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Editor's Note: - This article is intended to help the thousands of early Cricut owners who would like to cut out original or third-party designs and fonts without continuing to invest in cartridges that may, to a large extent, be worthless when their old Cricut finally dies.
Unlike lots of bloggers, I like to make certain I am not causing readers new and bigger problems by anything I document, so I've been careful to give you more, and more detailed information than you probably need or want. But I've discovered that having all of these details written down somewhere helps people who run into snags trying something that everyone else seems to accomplish easily. (Sorry, forty years as a technical writer speaking . . . . )
While writing and revising this article, I experimented with several different platforms and combinations of equipment to make certain I hadn't overlooked anything that was likely to be a problem. I learned that Sure-Cuts-A-Lot 5 ("SCAL5") is a very stable and reliable program, but that the anonymous 3rd-party "add-on" that allows it to talk to Cricut does not have anyone's direct support.
That said, most of the problems I encountered while trying this with multiple PCs and Cricuts had to do with things that are outside the control of SCAL or of the "add-on" developers. So, to make this work, you may need to update your Cricut's firmware (twice, to be sure) or to update your USB drivers. Instructions for both those issues and other potential "gotcha's" are listed where appropriate.
Finally, I prominently listed the month and year of this article's publication, so if you stumble across it in five years and I haven't kept it updated, you'll know it is likely obsolete.
We now return you to our regularly scheduled programming.
Using Sure-Cuts-A-Lot With Legacy Cricuts
If you want to use first-generation Cricuts to cut images and fonts that aren't on your cartridges, your best bet currently seems to be Sure-Cuts-A-Lot release 5. That only works with an anonymously developed driver and a technically illegal minor hack, but neither ProvoCraft (makers of Cricut) nor CrafEdge (makers of Sure-Cuts-A-Lot ("SCAL") seem to mind.
In fact, members of discussion forums hosted by both companies have referred to this workaround without any apparent repercussions, so I assume I'm safe talking about it here. (Don't laugh - the company that makes Cricut has been known to sue other companies out of existence.)
SCAL2 is No Longer the "Go-To" SolutionMost owners of first-gen Cricuts have at least heard about using Sure-Cuts-A-Lot release 2 ("SCAL2") with their ancient Cricuts, but it's no longer necessary to use bootleg copies of ten-year-old, unsupported software.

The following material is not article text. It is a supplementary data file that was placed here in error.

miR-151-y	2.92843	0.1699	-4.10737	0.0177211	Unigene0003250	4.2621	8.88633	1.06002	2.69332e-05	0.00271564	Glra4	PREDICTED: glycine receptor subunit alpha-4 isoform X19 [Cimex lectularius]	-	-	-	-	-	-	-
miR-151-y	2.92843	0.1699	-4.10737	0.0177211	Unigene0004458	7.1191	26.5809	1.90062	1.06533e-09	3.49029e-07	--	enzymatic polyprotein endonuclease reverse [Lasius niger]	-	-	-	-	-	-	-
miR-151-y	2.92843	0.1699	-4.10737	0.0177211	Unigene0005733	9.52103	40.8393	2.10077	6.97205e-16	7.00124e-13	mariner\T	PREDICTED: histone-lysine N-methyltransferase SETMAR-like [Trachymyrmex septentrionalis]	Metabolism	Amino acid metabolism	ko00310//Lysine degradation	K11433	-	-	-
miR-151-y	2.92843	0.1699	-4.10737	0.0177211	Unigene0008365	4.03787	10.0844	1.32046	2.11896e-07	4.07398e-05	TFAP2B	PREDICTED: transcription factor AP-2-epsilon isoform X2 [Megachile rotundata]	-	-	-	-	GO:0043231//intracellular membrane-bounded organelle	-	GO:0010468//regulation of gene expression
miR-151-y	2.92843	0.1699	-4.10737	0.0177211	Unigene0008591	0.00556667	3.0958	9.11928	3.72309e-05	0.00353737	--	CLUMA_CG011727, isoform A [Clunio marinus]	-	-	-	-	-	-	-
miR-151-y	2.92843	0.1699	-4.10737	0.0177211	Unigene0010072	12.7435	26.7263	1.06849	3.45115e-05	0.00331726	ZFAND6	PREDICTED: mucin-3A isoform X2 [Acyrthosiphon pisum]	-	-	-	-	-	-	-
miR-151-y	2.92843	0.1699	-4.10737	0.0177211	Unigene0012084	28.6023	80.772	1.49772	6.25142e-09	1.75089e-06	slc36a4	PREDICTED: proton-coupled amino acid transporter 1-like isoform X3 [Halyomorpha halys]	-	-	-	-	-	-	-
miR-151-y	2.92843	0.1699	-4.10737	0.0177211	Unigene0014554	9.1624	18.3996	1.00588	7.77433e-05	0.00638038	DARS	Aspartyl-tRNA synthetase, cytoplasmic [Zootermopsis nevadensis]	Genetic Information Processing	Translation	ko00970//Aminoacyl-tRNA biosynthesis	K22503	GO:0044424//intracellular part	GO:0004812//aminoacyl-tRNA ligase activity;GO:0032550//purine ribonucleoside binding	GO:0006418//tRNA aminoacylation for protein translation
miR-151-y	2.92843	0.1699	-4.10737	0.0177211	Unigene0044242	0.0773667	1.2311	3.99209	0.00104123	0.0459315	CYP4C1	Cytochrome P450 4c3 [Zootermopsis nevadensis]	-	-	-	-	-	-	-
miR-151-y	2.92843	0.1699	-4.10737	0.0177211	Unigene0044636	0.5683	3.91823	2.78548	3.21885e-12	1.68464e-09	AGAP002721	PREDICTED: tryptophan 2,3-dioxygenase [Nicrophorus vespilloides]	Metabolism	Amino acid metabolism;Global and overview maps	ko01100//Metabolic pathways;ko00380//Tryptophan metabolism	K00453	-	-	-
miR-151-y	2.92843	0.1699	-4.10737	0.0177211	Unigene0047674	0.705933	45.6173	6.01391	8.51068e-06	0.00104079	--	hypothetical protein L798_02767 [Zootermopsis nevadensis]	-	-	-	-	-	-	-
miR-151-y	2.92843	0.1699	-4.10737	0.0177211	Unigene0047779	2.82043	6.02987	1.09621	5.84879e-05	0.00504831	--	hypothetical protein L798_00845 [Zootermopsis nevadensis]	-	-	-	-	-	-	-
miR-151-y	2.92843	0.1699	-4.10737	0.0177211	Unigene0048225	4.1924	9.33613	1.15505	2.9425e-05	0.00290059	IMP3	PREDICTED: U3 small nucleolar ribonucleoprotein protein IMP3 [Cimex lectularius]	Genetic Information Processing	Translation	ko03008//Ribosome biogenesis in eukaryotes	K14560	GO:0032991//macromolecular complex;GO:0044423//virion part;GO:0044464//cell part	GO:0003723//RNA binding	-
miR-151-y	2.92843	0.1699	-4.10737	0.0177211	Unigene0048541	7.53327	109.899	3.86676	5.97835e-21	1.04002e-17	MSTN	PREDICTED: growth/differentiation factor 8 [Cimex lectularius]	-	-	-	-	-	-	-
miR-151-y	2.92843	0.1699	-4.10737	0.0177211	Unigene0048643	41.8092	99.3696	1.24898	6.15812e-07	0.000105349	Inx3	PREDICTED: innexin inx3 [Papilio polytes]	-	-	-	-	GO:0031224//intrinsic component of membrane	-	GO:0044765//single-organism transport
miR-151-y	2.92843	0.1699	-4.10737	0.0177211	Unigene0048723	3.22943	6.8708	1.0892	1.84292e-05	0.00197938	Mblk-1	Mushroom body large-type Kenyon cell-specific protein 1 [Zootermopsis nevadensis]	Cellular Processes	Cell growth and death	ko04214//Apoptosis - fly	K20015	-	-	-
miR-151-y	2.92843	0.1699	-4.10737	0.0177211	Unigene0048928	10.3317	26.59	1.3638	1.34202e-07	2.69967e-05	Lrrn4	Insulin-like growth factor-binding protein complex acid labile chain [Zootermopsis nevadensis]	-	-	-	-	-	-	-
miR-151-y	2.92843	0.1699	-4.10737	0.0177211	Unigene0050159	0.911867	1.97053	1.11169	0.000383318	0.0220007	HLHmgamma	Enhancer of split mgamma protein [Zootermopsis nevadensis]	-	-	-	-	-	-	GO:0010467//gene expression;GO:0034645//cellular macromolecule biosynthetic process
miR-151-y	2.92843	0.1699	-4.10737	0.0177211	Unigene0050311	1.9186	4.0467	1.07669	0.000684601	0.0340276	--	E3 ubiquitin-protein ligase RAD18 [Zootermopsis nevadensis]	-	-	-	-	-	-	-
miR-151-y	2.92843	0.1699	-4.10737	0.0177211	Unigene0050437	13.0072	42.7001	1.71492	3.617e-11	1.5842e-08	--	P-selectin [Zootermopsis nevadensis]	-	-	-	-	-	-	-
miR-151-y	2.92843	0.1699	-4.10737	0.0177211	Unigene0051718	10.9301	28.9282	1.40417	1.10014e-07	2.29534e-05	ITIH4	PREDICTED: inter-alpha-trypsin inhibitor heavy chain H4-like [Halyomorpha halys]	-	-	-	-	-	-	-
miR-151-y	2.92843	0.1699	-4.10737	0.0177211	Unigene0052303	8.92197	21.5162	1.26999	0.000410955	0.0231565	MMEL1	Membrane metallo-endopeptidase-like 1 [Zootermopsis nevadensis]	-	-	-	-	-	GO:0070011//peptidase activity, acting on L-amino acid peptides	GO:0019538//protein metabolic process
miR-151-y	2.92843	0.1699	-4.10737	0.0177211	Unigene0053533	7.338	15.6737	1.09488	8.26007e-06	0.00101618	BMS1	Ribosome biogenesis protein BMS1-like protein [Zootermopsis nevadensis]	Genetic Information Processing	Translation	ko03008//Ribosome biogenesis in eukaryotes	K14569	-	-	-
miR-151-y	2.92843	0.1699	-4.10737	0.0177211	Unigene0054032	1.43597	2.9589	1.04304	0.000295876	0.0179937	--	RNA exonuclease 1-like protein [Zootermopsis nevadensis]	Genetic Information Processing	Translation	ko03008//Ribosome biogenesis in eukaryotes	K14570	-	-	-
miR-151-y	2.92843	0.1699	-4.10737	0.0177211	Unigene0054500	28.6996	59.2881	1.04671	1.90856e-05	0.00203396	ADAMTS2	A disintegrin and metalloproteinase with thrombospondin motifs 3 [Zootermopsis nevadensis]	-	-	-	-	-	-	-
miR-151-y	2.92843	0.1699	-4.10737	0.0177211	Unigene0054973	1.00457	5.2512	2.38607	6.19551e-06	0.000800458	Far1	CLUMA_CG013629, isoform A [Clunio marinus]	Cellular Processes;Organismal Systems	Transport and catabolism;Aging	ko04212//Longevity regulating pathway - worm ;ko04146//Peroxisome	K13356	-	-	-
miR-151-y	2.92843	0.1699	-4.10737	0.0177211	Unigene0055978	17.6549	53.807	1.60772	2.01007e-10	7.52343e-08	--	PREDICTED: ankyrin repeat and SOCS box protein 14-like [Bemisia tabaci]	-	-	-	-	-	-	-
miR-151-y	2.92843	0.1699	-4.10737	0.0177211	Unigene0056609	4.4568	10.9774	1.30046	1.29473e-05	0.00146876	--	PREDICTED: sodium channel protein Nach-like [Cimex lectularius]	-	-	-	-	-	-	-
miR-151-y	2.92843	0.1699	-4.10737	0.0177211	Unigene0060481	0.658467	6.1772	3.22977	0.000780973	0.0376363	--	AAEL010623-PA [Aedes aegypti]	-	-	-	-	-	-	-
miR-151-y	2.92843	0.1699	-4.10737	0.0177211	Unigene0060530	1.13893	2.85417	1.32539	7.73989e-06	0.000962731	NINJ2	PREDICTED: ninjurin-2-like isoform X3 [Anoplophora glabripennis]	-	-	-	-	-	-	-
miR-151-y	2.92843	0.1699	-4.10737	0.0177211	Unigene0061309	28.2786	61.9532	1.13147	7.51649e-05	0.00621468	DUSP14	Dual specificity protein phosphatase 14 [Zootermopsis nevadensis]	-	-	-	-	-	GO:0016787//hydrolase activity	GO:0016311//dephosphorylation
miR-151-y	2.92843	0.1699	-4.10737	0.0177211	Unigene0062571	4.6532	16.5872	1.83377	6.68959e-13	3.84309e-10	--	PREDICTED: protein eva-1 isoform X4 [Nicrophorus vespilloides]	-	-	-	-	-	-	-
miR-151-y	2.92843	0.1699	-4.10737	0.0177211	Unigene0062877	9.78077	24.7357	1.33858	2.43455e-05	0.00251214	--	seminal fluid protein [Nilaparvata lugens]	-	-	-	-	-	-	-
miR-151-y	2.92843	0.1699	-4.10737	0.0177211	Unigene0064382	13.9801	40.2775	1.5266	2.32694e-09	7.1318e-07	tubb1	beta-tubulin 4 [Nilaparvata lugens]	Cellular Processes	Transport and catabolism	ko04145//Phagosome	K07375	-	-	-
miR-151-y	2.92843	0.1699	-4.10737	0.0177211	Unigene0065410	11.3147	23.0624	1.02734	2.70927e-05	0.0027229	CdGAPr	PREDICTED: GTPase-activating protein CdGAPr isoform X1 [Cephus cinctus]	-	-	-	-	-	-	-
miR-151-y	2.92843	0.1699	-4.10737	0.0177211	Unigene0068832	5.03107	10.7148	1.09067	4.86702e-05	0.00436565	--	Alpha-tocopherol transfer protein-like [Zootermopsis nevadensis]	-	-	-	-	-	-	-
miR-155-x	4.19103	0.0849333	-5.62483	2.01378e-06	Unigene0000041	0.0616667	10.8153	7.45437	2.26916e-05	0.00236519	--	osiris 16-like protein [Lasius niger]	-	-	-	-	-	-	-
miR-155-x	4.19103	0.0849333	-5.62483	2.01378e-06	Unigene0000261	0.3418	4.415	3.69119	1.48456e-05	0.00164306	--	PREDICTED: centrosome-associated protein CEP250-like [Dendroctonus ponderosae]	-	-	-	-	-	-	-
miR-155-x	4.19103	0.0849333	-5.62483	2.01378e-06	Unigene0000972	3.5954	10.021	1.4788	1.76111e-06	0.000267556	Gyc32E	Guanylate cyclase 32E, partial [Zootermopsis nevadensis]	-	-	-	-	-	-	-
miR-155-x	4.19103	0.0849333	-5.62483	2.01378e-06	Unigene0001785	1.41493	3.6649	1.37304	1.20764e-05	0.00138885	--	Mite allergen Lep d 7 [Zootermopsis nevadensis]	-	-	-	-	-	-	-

We describe the current and - to my mind - best solution a few paragraphs down, but first we tell you what machines SCAL worked/works with and why so many Cricut users are still talking about the cumbersome and outdated SCAL2 solution.
This Article is True as of March, 2021I wrote this article and several others because most of the information about SCAL, legacy Cricuts, and related topics on the internet right now is seriously outdated. Much of it is flat-out wrong, though it may have been correct when it was originally penned as long as twelve years ago.
I'm embedding the month and year of publication here in case for some reason I can't keep this article updated, and someone comes across it five years from now, when everything has changed again.
Which Cricuts Could/Can SCAL Drive Directly?These are the only Cricuts that SCAL ever drove directly (or is ever likely to). The firmware versions that have been proven to work with SCAL are also listed.
Should You Replace or Upgrade Your Cricut Instead?This article is only intended for folks who own one of the above in good working condition. I hate to say this because I love my first-gen Expression, and used-but-working first-gen Cricuts are widely available cheap.
But if you don't already own one of these, don't get inspired by this article and rush out and buy one for my sake. Everything I talk about doing with SCAL and first-gen Cricuts in this article can be done with a lot less hassle just by picking up any version of a used Silhouette Cameo.
Also, if you have a bunch of cartridges that aren't linked to anyone else's account, an Explore or Maker will also let you cut third-party fonts and images AND use your cartridges at the same time - as long as you're the original owner of both the Explore and the cartridges. Spending $250 or more to replace a working Expression may sound extreme, but if you are sitting on $400 worth of cartridges, and you could stand to have something that cuts through thicker materials at any rate, it might be worth considering.
Finally, if you had and loved one of the machines above and would like to replace it, consider the original Expression (CREX001). If you want a small-format unit, the Create has a few more features than the original Personal Cutter.
Used Cricuts to NEVER Buy
ProvoCraft's Imagine, Expression 2, and Mini were expressly designed to operate only with Cricut Craft Room software, which has now been discontinued. This turned the Imagine and the Expression 2 into cartridge-only machines and turned the Mini into a doorstop. No third-party software has ever worked with these or is ever likely to work with them.
Why Was SCAL2 the "Go-To" Hack for So Many Years?
This section is just to give you the background on why SCAL2 hacks were so popular for so long and why they're not necessary or even preferable any more.
In 2011, ProvoCraft (makers of Cricut) sued CraftEdge (makers of Sure-Cuts-A-Lot, AKA "SCAL") because SCAL software allowed Cricut owners to print images and fonts without buying extra cartridges.
ProvoCraft's legal team forced CraftEdge to discontinue their current release ("SCAL2") and to "boobytrap" any installed copies. During what was a standard check for updates, they would access CraftEdge's home page and "auto-update" themselves to a version that wouldn't talk to their Cricuts any more.
But clever Cricut-owners figured out how to hack the "host" file on their computers so SCAL2 wouldn't update itself and they could keep using their Cricuts for the purpose for which they purchased them in the first place. (The nerve of those folks!)